From 21 to 27 June 2021 the UK charity for children and young people who are expected to have short lives, Together for Short Lives, is joining with children’s hospices like Rennie Grove Hospice Care to raise awareness during its annual Children’s Hospice Week. The aim of the week is to highlight the huge challenges faced by some of the UK’s most vulnerable and seriously ill children and families as the country takes hesitant steps to leave COVID-19 restrictions behind.
Reflecting the national theme for the awareness week, Sam Howard, our Director of Nursing and Patient Services, explains why our care is more important than ever for families of children with life-limiting conditions who have been ‘pushed to their limits’ during lockdown:
“Caring for a seriously ill child 24/7 at home can be exhausting, lonely and isolating, and after a year of restrictions and cancelled appointments, families need support more than ever.
“Many of the families we support are no strangers to social isolation because of the vulnerability of their children. But the pandemic brought additional fears, pressures and challenges, many of which have had knock-on effects on the health and wellbeing of children and their wider families.”
Shailza and Daniel, parents to Riley (8) and Stanley (7), shielded during the first lockdown but kept in regular contact with our Hospice at Home nurses throughout. Riley’s muscle spasms had become more frequent and intense just as the pandemic hit, and with potential new treatment delayed as a result, he needed urgent pain relief in a children’s hospice, coordinated by our Children’s team.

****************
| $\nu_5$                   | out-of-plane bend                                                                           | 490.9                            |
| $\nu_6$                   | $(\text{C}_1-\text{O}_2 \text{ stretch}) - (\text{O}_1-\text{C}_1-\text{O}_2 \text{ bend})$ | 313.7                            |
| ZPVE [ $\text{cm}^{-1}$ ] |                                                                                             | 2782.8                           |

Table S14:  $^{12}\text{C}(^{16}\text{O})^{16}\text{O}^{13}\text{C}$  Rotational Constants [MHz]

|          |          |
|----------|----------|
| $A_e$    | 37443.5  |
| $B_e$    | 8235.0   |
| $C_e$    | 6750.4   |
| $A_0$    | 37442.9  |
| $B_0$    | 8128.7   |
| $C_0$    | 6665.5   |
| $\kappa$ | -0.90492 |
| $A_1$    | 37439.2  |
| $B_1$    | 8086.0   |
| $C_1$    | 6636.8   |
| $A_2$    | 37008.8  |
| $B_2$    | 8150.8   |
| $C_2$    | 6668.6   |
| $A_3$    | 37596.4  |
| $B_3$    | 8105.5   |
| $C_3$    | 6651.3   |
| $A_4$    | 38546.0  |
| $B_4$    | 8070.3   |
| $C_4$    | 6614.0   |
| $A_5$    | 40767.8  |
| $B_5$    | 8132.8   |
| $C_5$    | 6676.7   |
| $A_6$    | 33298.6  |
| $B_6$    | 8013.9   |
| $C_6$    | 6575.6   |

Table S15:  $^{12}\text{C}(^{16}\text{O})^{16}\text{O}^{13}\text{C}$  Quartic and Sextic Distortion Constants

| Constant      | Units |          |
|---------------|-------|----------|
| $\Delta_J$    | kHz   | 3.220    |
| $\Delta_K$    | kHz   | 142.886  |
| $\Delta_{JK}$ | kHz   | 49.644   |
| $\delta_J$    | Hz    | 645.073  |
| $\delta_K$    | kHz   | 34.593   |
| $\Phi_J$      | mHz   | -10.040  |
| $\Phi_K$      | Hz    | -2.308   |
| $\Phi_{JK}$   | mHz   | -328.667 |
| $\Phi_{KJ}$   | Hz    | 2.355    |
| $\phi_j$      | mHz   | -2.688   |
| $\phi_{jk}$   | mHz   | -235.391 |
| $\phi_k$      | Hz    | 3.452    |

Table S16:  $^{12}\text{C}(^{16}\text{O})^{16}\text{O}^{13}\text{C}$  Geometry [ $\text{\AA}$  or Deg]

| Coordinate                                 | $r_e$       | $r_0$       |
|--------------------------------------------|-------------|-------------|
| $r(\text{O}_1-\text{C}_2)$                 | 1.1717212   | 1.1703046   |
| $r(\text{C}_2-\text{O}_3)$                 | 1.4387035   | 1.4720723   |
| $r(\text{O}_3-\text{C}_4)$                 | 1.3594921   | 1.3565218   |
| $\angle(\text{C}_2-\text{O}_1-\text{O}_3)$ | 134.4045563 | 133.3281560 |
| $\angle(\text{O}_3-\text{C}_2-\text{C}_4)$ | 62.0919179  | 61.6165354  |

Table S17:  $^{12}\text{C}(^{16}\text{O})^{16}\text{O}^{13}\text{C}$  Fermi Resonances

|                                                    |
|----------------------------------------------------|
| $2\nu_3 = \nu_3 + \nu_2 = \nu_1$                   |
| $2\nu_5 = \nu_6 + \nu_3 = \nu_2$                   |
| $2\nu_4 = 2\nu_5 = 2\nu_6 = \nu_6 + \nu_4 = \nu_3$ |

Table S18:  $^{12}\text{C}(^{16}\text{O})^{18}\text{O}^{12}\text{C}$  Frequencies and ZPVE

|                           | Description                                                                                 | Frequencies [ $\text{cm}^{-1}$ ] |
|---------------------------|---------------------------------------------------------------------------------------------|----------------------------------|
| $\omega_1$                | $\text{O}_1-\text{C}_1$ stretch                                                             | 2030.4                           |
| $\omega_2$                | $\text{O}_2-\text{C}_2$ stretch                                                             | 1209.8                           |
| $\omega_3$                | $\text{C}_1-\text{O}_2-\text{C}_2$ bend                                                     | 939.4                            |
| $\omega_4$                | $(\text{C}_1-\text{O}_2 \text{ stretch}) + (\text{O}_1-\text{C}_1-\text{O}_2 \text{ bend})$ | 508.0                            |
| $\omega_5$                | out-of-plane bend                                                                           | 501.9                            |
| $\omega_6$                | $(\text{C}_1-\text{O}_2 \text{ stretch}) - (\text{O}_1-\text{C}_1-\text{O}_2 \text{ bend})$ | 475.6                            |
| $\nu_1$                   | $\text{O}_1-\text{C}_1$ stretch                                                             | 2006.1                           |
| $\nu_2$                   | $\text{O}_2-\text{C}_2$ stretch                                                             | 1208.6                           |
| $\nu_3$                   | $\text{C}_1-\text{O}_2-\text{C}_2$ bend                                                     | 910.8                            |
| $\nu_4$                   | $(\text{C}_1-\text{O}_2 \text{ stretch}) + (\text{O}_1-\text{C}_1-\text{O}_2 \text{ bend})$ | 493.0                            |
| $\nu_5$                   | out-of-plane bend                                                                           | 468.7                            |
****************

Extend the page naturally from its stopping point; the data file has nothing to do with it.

By September, when Stanley was hospitalised for five days with a severe chest infection, Shailza and Daniel decided they needed the added support of the nurses in their home again, and visits resumed at their request.
“Isolation is the norm for us,” says Shailza, “but we wouldn’t have got through the lockdowns without the Rennie Grove nurses.”
Mum-of-four Melanie agrees: “Hospital visits during the pandemic have been really tough. Being the only adult allowed to accompany your child – you really feel the full weight of that responsibility.”
For Mel, having specialist nurses at the end of a phone to share that responsibility has been a huge relief.
Children’s Nurse Sarah Mobsby saw first-hand the challenges families faced during the pandemic.
“Families felt we were the one constant source of support throughout. Their routine appointments were cancelled and community children’s nurses were redeployed across hospital wards to care for COVID-19 patients. But thanks to our generous donors, our support never stopped.”
Our children’s team were able to visit families at home throughout the pandemic, although some families opted for remote assessments and support initially. Sarah and her colleagues continued to provide practical, emotional and specialist support, liaising with other healthcare professionals, arranging treatment, prescriptions and additional support as needed.
But Sarah admits the restrictions have been hard because many of the children she and her colleagues care for rely on facial expression and touch to communicate. “I’ve found it hard myself when all I’ve wanted to do is give a distraught parent a reassuring hug,” she says.
With many children’s hospices predicting a drop in income but increased demand for support this year, our care remains critical to children’s health and wellbeing.
Find out more about our Children’s Hospice at Home Service by reading Shailza's story here and Mel’s story here.